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I think some people enjoy being offended.

We all tend to be dramatic at different times, but I do believe some individuals are gifted at the art of being offended.

You know the type.

They seem to assume the worst intent in others’ words. They scour the Internet for opposing viewpoints and then rant on their blog about what they found. They thrive on controversy and often are not too careful to avoid offending others themselves.

Or they just miss the point altogether. Let me offer you an example:

Recently I read a note on Facebook in which a friend from high school — now a young Air Force wife — complained about the “Support the Troops” car magnets.

They are inaccurate, she says. Likewise are any mentions of the “soldiers in Iraq and Afghanistan.”

Don’t people realize that they are leaving out all the marines, airmen, seamen and non combative service members? Don’t people understand that the correct way to refer to those in our military is “men and women in the armed forces” or “armed forces members?”

Perhaps my friend simply wanted to edify others on correct word usage, and I absolutely concede her point, but her tone was angry and accusatory. I think she missed the bigger picture.

I feel at least slightly qualified to comment on this topic. I will be marrying into the Air Force in six months, and I have friends in every branch of the military.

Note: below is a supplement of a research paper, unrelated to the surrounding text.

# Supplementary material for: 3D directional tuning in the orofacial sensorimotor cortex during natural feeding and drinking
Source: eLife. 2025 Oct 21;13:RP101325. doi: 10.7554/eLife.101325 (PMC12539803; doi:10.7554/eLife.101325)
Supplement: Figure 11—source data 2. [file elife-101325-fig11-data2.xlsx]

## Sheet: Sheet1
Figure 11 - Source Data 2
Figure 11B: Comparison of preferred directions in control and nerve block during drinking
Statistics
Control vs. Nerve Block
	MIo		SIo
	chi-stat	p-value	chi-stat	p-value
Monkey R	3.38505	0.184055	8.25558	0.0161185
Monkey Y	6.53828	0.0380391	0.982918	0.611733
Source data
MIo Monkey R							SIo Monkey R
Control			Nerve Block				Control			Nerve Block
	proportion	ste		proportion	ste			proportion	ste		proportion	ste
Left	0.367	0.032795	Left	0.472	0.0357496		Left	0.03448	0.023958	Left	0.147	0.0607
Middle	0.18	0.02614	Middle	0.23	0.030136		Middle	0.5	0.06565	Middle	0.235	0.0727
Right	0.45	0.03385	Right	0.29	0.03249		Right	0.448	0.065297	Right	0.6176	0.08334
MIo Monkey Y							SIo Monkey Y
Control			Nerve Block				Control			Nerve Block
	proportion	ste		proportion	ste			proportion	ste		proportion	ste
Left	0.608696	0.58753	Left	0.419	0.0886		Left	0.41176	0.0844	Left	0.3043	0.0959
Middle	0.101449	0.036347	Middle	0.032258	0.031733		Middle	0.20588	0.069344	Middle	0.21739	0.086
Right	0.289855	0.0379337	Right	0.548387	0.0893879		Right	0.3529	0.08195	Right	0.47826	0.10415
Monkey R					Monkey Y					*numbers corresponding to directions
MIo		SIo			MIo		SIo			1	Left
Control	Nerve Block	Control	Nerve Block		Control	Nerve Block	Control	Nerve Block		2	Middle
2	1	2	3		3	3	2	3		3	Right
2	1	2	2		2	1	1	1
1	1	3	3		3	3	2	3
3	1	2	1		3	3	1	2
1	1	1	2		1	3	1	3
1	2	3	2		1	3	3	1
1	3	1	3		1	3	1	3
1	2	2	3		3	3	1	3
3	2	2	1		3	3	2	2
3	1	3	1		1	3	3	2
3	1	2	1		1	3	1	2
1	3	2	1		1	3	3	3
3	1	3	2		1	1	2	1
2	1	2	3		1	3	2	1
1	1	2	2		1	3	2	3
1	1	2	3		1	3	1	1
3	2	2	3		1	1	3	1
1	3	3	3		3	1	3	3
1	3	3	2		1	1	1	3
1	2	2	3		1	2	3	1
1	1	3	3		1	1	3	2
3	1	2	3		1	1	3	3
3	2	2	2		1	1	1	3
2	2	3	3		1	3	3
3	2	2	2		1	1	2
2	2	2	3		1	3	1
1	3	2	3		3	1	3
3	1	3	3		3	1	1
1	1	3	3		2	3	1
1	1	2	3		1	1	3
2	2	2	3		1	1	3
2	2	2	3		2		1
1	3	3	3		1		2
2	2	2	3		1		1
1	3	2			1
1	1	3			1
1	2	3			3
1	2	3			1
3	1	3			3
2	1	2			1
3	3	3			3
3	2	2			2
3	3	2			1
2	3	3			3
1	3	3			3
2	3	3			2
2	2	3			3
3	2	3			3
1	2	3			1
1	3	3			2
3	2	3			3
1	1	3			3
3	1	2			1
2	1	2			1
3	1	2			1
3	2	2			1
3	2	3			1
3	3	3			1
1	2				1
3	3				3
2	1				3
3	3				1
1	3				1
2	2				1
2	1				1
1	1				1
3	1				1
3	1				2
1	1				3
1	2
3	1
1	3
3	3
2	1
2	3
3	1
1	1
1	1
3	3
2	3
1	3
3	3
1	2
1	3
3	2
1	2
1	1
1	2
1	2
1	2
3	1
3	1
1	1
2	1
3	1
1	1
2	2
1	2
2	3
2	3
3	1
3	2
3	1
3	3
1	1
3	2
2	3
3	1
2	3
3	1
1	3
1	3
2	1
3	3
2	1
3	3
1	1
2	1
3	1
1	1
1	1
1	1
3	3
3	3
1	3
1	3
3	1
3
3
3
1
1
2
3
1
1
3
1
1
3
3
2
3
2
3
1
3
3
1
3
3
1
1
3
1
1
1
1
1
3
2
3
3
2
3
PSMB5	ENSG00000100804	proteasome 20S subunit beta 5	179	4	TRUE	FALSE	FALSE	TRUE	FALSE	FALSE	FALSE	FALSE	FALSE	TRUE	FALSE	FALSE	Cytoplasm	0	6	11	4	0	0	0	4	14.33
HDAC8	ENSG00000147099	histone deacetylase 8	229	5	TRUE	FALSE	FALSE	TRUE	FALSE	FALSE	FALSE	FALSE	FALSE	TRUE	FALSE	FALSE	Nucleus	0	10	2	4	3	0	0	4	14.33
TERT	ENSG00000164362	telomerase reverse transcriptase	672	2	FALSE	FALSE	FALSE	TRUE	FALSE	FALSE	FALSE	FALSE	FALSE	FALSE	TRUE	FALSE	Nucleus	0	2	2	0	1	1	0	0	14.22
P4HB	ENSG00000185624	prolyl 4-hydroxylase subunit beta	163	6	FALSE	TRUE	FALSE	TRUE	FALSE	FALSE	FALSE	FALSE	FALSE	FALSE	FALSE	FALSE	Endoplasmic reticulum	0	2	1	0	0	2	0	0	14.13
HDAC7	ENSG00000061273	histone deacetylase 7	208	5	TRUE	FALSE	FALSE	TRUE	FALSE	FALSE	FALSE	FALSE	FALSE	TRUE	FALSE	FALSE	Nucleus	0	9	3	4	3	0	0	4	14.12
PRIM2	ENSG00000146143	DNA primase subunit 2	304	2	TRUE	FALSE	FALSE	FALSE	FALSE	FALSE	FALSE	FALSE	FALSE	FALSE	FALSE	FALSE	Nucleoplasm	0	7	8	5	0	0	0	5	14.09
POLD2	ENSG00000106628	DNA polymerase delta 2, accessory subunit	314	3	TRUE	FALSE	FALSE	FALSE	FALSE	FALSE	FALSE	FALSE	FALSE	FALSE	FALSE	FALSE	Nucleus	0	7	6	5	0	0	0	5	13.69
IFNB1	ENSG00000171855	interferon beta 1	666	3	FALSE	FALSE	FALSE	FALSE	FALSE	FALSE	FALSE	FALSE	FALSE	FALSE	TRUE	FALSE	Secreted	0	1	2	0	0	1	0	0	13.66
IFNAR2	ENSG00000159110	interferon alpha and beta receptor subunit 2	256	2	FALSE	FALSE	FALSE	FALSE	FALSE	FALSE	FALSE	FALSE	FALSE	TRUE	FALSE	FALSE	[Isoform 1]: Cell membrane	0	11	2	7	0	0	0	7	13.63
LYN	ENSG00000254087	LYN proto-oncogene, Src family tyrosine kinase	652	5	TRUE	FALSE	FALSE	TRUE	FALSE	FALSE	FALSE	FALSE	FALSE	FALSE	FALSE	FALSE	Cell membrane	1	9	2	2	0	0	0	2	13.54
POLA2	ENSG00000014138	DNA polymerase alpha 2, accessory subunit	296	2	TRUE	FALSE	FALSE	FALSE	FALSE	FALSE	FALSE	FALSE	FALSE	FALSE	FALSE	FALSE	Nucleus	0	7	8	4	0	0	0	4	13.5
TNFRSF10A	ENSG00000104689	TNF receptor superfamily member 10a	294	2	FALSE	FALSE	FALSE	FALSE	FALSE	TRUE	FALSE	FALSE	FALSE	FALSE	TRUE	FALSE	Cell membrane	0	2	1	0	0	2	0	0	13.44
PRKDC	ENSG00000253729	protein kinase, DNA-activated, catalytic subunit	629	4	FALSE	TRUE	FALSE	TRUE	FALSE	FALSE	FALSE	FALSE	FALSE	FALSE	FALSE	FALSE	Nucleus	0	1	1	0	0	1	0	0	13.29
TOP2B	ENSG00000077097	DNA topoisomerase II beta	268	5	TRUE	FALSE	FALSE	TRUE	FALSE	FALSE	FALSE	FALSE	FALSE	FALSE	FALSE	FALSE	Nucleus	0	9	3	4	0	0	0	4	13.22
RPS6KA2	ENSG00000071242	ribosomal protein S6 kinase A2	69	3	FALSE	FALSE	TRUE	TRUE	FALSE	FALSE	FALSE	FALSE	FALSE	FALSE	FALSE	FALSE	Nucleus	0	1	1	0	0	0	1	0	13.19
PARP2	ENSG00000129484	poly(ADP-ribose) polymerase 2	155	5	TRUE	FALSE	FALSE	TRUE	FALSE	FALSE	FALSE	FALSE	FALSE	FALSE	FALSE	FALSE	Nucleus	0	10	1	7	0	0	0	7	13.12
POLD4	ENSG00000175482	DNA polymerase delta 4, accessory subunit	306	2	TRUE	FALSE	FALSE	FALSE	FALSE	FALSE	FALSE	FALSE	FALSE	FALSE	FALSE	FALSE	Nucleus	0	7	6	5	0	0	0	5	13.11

They are not all soldiers. They are exuberantly proud of their respective branches, but they appreciate the yellow ribbons and display of support from home.

They choose to recognize the good intentions of others.

After all, most people mean well, most of the time.

We would all do well, myself included, to remind ourselves of this from time to time.

Unfortunately, we will likely see the easily offended out in full force over the next few weeks in the latest saga of the battle between “happy holidays” and “merry Christmas.”

Both sides are at fault here.

A friendly bus driver, store clerk or customer who wishes you a “merry Christmas” is not trying to convert you or disparage your chosen holiday. Likewise, the “happy holidays” well-wisher is not trying single-handedly to take Christ out of Christmas for you.

Rather, both are likely wishing you a warm, healthy, joyous, peaceful time surrounded by your closest family and friends.

Whichever phrase we hear or say this month, let us make our preparations and celebrations truly happy and merry.

Look for the best in others. Assume the best intentions of them. Be the first to extend a hand or a smile or an apology or forgiveness.

Give the gift of presence over presents.

Happy holidays, ASU. And a merry Christmas, too.

Andrea prays for peace on earth and good will toward men this month. Join her at

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